What is Forced Savings?

2022-10-10T11:28:15-04:00October 10th, 2022|Customer Experience, Product Explainer|

forced savings


There are a few talking heads on TV that love to knock Whole Life insurance. “Buy Term and invest the rest,” they preach.

The bottom line is that they are all probably smarter than me. And the facts they throw out about life insurance are correct. I don’t disagree with buying Term and investing, but the reason they are off-base in their negative view about Life insurance is that the facts they present are from a textbook.

What all of you know, given the profession you’re in, is that life doesn’t happen in a textbook. Human beings are irrational and make decisions based on emotion, not logic.

In this post, I focus on a Life insurance benefit that many Agents don’t consider. In fact, many Agents apologize for this benefit and I think that’s a huge mistake.

The benefit is the forced savings element of Whole Life insurance.

What is forced savings?

It’s no secret that I am a big fan of permanent Life insurance. The easy argument is anyone who has someone they love or cares about needs life insurance in force when they die.

We all know the often-cited statistic that fewer than 1% of term policies ever pay a death claim. Most often the policy expires before the policyholder does.

Conversely, permanent life insurance policies that remain in force throughout a policyholder’s lifetime will pay a death benefit. Additionally, permanent life insurance also has a cash value component. A portion of every premium payment goes towards ensuring the policyholder’s life, while another portion of it goes towards building a cash value that also earns interest. This cash value can be available for the policyholder to withdraw or borrow against when they need it.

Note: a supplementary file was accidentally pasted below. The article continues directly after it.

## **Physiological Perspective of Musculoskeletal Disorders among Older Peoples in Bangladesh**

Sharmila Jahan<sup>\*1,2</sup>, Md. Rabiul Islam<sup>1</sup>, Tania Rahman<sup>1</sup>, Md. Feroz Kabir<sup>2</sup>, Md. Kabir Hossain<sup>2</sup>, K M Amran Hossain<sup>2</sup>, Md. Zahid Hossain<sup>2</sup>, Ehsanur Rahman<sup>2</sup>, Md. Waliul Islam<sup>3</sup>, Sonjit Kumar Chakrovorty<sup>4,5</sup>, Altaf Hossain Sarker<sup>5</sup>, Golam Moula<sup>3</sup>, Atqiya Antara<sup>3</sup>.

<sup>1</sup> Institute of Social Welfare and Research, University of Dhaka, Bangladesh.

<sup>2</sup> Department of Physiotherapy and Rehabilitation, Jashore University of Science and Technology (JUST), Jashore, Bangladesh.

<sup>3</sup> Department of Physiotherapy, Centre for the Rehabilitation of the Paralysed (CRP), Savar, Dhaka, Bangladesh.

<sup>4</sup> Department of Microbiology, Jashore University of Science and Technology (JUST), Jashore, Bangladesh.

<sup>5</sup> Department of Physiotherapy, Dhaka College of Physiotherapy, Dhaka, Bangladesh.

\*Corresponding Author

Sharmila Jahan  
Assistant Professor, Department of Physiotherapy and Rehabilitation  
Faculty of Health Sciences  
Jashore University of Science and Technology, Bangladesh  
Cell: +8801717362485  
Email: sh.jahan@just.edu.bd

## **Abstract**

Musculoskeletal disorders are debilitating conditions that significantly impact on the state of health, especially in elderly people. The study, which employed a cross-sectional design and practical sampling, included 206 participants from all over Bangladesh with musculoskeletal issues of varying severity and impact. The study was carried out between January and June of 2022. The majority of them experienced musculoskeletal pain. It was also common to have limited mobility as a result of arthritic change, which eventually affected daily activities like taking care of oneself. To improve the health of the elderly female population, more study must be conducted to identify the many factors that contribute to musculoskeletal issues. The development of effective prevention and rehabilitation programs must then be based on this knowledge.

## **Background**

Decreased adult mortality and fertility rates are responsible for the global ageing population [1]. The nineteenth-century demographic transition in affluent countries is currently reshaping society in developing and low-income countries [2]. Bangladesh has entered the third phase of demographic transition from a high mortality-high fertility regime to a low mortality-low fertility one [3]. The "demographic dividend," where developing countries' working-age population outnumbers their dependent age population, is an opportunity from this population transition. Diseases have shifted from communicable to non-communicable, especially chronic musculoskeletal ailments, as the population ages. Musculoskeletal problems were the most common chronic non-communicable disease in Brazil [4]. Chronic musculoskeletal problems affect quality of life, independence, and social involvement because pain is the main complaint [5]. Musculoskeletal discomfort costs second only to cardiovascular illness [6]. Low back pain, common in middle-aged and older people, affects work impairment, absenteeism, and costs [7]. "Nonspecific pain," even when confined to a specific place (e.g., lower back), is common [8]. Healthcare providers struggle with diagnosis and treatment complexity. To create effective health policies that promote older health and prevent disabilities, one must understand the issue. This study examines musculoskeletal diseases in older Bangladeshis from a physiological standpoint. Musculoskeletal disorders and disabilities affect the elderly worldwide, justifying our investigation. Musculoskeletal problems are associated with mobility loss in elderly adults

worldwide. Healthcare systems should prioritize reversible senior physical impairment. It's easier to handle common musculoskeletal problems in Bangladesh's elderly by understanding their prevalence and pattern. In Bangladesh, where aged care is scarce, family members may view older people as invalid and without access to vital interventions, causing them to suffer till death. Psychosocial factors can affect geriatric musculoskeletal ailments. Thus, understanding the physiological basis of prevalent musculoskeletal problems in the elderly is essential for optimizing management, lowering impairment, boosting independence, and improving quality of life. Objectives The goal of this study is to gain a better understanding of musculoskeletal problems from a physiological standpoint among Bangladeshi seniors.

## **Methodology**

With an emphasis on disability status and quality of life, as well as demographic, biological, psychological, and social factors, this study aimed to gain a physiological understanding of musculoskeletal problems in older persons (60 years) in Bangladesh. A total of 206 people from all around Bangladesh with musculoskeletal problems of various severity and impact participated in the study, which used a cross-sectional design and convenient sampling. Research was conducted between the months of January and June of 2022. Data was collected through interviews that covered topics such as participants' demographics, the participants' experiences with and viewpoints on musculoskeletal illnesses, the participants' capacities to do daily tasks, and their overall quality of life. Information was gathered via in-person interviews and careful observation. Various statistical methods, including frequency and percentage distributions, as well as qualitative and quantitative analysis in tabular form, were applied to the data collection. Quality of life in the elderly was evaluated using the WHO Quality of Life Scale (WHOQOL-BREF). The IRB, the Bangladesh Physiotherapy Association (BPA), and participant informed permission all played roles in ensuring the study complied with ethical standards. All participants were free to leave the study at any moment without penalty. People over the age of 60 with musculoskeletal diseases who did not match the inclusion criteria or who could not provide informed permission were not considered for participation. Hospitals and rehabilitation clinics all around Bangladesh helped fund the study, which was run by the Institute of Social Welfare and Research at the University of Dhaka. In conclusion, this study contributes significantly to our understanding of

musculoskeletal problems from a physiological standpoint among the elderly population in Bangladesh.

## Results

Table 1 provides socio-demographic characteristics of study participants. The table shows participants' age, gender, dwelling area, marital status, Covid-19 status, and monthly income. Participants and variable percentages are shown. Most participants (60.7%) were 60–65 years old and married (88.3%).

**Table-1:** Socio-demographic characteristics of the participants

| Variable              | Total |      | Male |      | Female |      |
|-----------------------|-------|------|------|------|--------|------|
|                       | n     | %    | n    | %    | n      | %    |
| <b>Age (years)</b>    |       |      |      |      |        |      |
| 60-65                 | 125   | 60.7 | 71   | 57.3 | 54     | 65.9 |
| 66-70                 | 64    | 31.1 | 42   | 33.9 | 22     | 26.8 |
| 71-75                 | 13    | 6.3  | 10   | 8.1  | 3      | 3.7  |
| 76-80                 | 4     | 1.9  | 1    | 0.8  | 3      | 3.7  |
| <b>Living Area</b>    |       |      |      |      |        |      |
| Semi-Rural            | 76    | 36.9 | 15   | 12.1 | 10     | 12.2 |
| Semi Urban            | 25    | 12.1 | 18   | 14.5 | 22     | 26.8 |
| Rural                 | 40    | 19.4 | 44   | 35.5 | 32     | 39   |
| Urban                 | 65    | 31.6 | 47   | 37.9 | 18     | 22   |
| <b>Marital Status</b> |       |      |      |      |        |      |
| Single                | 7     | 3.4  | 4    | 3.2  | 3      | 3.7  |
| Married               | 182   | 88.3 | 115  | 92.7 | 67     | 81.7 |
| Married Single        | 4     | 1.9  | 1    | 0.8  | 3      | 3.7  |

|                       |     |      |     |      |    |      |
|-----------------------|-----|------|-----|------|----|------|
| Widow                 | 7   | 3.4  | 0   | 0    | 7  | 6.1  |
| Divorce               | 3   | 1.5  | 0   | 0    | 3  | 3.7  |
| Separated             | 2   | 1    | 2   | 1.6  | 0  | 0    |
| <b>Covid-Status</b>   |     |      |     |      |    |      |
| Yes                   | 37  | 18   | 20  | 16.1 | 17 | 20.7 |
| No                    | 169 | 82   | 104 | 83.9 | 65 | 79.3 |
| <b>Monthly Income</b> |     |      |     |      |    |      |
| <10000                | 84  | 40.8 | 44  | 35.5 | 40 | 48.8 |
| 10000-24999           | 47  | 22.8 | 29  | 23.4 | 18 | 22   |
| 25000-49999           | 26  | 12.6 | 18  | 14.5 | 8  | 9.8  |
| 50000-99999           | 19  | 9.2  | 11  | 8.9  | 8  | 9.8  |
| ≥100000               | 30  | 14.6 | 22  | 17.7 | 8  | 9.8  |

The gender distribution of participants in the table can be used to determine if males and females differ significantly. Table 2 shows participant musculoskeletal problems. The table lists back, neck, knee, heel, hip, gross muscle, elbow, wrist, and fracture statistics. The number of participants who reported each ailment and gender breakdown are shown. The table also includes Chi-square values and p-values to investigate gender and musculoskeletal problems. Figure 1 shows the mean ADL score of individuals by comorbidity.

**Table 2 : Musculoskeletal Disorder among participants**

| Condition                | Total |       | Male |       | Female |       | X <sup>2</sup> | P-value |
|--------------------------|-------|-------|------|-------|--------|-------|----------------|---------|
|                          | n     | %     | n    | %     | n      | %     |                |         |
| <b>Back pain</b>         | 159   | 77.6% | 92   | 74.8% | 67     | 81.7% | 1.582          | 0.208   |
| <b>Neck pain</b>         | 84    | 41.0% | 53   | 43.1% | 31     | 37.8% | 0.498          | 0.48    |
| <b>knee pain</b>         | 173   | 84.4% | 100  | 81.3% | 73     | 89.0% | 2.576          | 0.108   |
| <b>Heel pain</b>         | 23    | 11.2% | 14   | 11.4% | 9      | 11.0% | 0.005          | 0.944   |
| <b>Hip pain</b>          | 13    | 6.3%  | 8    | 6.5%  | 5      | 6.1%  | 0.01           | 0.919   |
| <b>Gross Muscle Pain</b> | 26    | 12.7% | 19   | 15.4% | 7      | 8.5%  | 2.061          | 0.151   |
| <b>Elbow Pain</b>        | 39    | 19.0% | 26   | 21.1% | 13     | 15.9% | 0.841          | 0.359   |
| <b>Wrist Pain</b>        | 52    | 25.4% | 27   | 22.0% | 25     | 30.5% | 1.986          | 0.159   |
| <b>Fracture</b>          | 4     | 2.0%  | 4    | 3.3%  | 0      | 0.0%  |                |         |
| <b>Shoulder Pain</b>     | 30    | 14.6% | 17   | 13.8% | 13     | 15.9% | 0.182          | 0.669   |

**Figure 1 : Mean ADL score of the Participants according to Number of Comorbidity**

Here’s the point: When people buy permanent life insurance, they pay their premiums and it creates an environment of forced savings.

If there’s anything that the American people desperately need, it’s to save more money. And, they need the environment around them to create the discipline for saving that they don’t have on their own.

Consider the hypothetical example of a 35-year-old married couple and say we are running a spreadsheet ledger for them. In one column, we show their savings using a Roth IRA that’s invested in an S&P 500 index fund that they contribute $5,000 every year from age 35 to 65. On the other side of the ledger, they purchase a permanent life insurance policy that has a $5,000 annual premium payment over the same time period.

No matter how you look at it, or how good the particular company’s permanent life insurance policy is, the Roth IRA will blow the life insurance policy away every time. This is where the talking heads would make their case for the Roth IRA over permanent life insurance. On paper, they’d be right.

But the truth is that the majority of people don’t have the discipline to contribute to the Roth IRA every year for 30 years. In fact, the median balance of IRAs for individuals in their early 50s is $31,692. Considering that, historically, the annual contribution limit on Roth IRAs has been $5,500, this is a far cry from what the average balance could or should be.

The reason why is that, despite people’s best intentions, life gets in the way.

In the case of the 35-year-old married couple, the story goes that they begin contributing to their Roth IRA. Then they have kids, buy a new house, adjust their lifestyle to their income, and they start having other major financial commitments.

When people buy permanent life insurance they pay their premiums and it creates an environment of forced savings.

As a result, the first thing that gets put on hold is the Roth IRA account because retirement seems so far off in the future. There’s no immediate penalty for putting their contributions on hold. The devastating impact of skipping 4, 5, 10, or 20 years of Roth IRA contributions isn’t felt until much later in life.

On the other hand, the Life insurance policy has a loss if they stop contributing to it. They lose the death benefit. And for that simple reason, it is far more likely that at the very least a 35-year-old couple thinks very carefully before stopping their premium payments and losing the death benefit.

Most Life agents either don’t like the long-term commitment of permanent Life insurance premiums or apologize for it. When I hear that I can’t help but say,“𝘈𝘳𝘦 𝘺𝘰𝘶 𝘬𝘪𝘥𝘥𝘪𝘯𝘨 𝘮𝘦? 𝘛𝘩𝘢𝘵’𝘴 𝘵𝘩𝘦 𝘣𝘦𝘢𝘶𝘵𝘺 𝘰𝘧 𝘪𝘵!”

The commitment to making the payments is an unbelievable benefit of the product. When you make those premium payments, you are creating forced savings and putting yourself in a position down the road to have access to assets when you need them, thereby providing peace of mind and financial security.

That’s a game-changer.

So, stop apologizing for it and start promoting it.

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